Updated forecast: Still on track for an ‘active’ hurricane season
The Atlantic Basin remains on track for an active hurricane season this year, according to an updated seasonal outlook from the National Weather Service.
The National Oceanic and Atmospheric Administration’s Climate Prediction Center, a division of the National Weather Service, released the forecast for the entire season Thursday. Hurricane season runs June 1 to Nov. 30.
The updated outlook predicts, with a 70 percent probability, a total of 14 to 20 named storms with top winds of 39 mph or higher. Of those, the forecast calls for eight to 12 hurricanes with top winds of 74 mph or higher. Of those hurricanes, experts predict four to six could be major — Category 3, 4 or 5.
The updated forecast includes Hurricane Alex, Tropical Storm Bonnie and Tropical Storm Collin, according to a prepared statement from the NOAA.
“August heralds the start of the most active phase of the Atlantic hurricane season,” wrote NOAA Administrator Jane Lubchenco. “With the meteorological factors in place, now is the time for everyone living in hurricane prone areas to be prepared.”
Thursday’s forecast is the second of two released every year. The first 2010 outlook, published in May, predicted 14 to 23 named storms and eight to 14 hurricanes. Of the hurricanes, three to seven were projected to be major ones — Category 3 or higher — with winds of at least 111 mph.
The upper bounds of the ranges have been lowered in the updated outlook. According to officials, the initial forecast reflected the possibility of even more early season activity. The new ranges still indicate an active season.
“All indications are for considerable activity during the next several months,” Gerry Bell, the lead seasonal hurricane forecaster at the NOAA’s Climate Prediction Center, wrote. “As we’ve seen in past years, storms can come on quickly during the peak months of the season.”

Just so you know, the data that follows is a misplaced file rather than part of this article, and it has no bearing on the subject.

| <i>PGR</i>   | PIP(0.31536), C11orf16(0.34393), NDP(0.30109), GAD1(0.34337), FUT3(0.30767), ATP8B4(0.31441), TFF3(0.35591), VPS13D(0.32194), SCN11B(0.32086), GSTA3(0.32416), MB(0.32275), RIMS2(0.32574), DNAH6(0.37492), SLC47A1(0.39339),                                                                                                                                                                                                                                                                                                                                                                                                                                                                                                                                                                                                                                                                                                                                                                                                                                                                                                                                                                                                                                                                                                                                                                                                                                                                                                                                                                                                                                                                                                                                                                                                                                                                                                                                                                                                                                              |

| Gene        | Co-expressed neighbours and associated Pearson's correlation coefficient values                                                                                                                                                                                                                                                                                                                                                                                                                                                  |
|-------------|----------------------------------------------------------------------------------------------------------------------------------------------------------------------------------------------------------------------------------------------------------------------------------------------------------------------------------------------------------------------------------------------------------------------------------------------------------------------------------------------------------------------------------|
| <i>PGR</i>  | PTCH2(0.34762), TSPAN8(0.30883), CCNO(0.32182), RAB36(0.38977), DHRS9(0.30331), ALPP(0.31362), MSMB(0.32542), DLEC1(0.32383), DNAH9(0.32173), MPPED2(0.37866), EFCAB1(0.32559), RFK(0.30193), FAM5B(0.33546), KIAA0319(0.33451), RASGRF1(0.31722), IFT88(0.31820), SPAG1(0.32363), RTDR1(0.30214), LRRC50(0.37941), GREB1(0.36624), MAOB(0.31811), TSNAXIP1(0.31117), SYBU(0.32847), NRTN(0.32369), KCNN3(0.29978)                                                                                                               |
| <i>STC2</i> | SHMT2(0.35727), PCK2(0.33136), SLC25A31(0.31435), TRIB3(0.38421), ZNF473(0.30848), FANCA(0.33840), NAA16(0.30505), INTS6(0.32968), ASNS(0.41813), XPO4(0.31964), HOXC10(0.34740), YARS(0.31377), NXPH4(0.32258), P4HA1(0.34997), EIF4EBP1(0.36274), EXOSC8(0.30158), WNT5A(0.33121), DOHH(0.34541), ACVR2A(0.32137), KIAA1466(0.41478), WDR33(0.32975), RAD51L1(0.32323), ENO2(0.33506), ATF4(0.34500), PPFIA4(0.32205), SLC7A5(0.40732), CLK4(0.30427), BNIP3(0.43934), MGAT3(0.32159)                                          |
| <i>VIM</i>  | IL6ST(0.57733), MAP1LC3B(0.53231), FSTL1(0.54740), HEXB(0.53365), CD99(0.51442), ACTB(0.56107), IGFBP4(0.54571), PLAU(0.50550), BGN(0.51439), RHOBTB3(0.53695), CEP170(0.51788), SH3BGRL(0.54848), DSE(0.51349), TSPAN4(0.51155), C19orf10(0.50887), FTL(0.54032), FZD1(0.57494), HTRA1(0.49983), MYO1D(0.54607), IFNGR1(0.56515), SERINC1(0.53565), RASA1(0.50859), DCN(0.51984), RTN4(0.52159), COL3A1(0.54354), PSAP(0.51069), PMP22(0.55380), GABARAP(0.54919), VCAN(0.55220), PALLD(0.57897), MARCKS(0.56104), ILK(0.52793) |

Hurricane season peaks in late August through October.
“There remains a high likelihood that the season could be very active, with the potential of being one of the more active on record,” Bell continued.
An average hurricane season consists of 11 named storms, six hurricanes and two major hurricanes, according to officials.
On Wednesday, Colorado State University released its updated forecast for the seasonal hurricane activity and landfall strike probability for the Atlantic Basin. This is the 27th year CSU’s Department of Atmospheric Science has released seasonal forecasts as part of the Tropical Meteorology Project.
Like the NOAA, researchers with the Tropical Meteorology Project stuck with their earlier predictions of an active hurricane season for the Atlantic Basin.
“We have maintained our forecast from early June and continue to call for a very active Atlantic basin hurricane season in 2010 due to unusually warm tropical Atlantic sea surface temperatures and the development of La Nina,” wrote the authors of the forecast, Philip J. Klotzbach and William M. Gray.
“We anticipate a well above-average probability of United States and Caribbean major hurricane landfall,” they wrote.
Their total seasonal forecast is predicting 18 named storms, 10 hurricanes and five major hurricanes. There is a 50 percent probability that as least one major hurricane — Category 3, 4 or 5 — will make landfall on the East Coast, including Florida. The average probability for the last century is 31 percent.
Officials attribute the active seasonal forecast to several factors.
According to the NOAA statement, “La Nina has formed in the tropical Pacific Ocean. This favors lower wind shear over the Atlantic Basin, allowing storm clouds to grow and organize.” The warmer-than-average waters and “the tropical multi-decadal signal, which since 1995 has brought favorable ocean and atmospheric conditions,” also leads to more active seasons.
Along with the seasonal forecasts, officials are stressing that residents need to be prepared, regardless of how slow or busy the season could be.
“As far as preparation is concerned, it doesn’t matter how many numbers are in the forecast,” Dennis Feltgen, a spokesman for the National Hurricane Center, said. “The only number that matters to you, or anybody along the coastline, is one. The one storm you need to be prepared for now.”